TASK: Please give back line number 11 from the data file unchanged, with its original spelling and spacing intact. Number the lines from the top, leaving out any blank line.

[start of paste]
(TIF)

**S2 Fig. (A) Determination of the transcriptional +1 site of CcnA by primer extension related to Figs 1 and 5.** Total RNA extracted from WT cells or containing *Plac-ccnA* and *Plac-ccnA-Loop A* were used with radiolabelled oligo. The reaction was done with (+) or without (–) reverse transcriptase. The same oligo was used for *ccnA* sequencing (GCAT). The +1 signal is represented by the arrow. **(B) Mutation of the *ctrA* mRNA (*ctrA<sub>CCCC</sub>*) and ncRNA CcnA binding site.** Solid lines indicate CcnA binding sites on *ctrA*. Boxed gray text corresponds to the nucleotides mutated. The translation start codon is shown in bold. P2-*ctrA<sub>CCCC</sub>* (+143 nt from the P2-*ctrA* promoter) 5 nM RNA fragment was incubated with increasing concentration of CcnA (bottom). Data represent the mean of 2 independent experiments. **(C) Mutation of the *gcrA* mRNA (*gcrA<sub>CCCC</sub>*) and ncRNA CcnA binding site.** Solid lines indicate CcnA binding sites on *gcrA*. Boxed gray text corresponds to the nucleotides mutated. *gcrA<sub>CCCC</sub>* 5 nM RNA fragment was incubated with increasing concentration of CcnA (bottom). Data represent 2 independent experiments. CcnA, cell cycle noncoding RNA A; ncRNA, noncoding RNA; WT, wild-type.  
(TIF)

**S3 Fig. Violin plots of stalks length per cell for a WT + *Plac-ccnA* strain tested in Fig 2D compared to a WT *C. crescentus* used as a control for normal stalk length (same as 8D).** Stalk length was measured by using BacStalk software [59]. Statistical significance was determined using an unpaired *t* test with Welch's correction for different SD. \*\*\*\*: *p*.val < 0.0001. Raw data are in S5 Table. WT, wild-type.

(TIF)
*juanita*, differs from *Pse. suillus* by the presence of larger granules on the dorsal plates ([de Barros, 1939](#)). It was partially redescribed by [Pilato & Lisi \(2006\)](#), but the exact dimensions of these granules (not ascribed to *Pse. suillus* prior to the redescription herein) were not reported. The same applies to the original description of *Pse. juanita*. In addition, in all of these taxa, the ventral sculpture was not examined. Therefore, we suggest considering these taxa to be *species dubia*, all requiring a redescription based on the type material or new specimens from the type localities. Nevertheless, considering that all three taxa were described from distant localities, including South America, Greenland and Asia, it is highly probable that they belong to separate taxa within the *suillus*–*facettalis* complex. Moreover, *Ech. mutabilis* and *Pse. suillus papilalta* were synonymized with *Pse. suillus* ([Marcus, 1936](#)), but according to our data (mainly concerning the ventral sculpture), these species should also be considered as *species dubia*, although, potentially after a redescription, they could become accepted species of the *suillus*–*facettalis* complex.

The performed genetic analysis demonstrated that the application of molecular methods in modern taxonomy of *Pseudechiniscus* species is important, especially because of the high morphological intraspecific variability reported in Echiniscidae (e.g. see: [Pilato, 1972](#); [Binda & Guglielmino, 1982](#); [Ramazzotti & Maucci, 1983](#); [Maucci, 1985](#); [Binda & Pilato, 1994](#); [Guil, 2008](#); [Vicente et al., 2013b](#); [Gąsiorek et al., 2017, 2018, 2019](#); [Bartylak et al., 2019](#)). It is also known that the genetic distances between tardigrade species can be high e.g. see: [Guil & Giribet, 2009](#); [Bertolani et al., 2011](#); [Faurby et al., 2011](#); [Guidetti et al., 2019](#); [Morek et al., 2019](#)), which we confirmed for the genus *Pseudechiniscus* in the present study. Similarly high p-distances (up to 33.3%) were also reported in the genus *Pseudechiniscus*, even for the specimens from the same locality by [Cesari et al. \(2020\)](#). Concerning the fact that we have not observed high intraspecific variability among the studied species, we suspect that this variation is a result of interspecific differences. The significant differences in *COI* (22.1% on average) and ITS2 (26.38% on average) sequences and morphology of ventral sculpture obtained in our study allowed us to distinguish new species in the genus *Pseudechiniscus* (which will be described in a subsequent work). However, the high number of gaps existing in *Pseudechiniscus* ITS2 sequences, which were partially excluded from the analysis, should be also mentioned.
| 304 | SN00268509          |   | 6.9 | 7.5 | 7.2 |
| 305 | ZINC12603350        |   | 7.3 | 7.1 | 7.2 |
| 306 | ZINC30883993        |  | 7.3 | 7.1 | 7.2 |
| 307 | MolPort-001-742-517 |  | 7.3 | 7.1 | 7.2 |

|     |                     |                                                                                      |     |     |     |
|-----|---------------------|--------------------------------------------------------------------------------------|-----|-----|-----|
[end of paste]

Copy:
| 307 | MolPort-001-742-517 |  | 7.3 | 7.1 | 7.2 |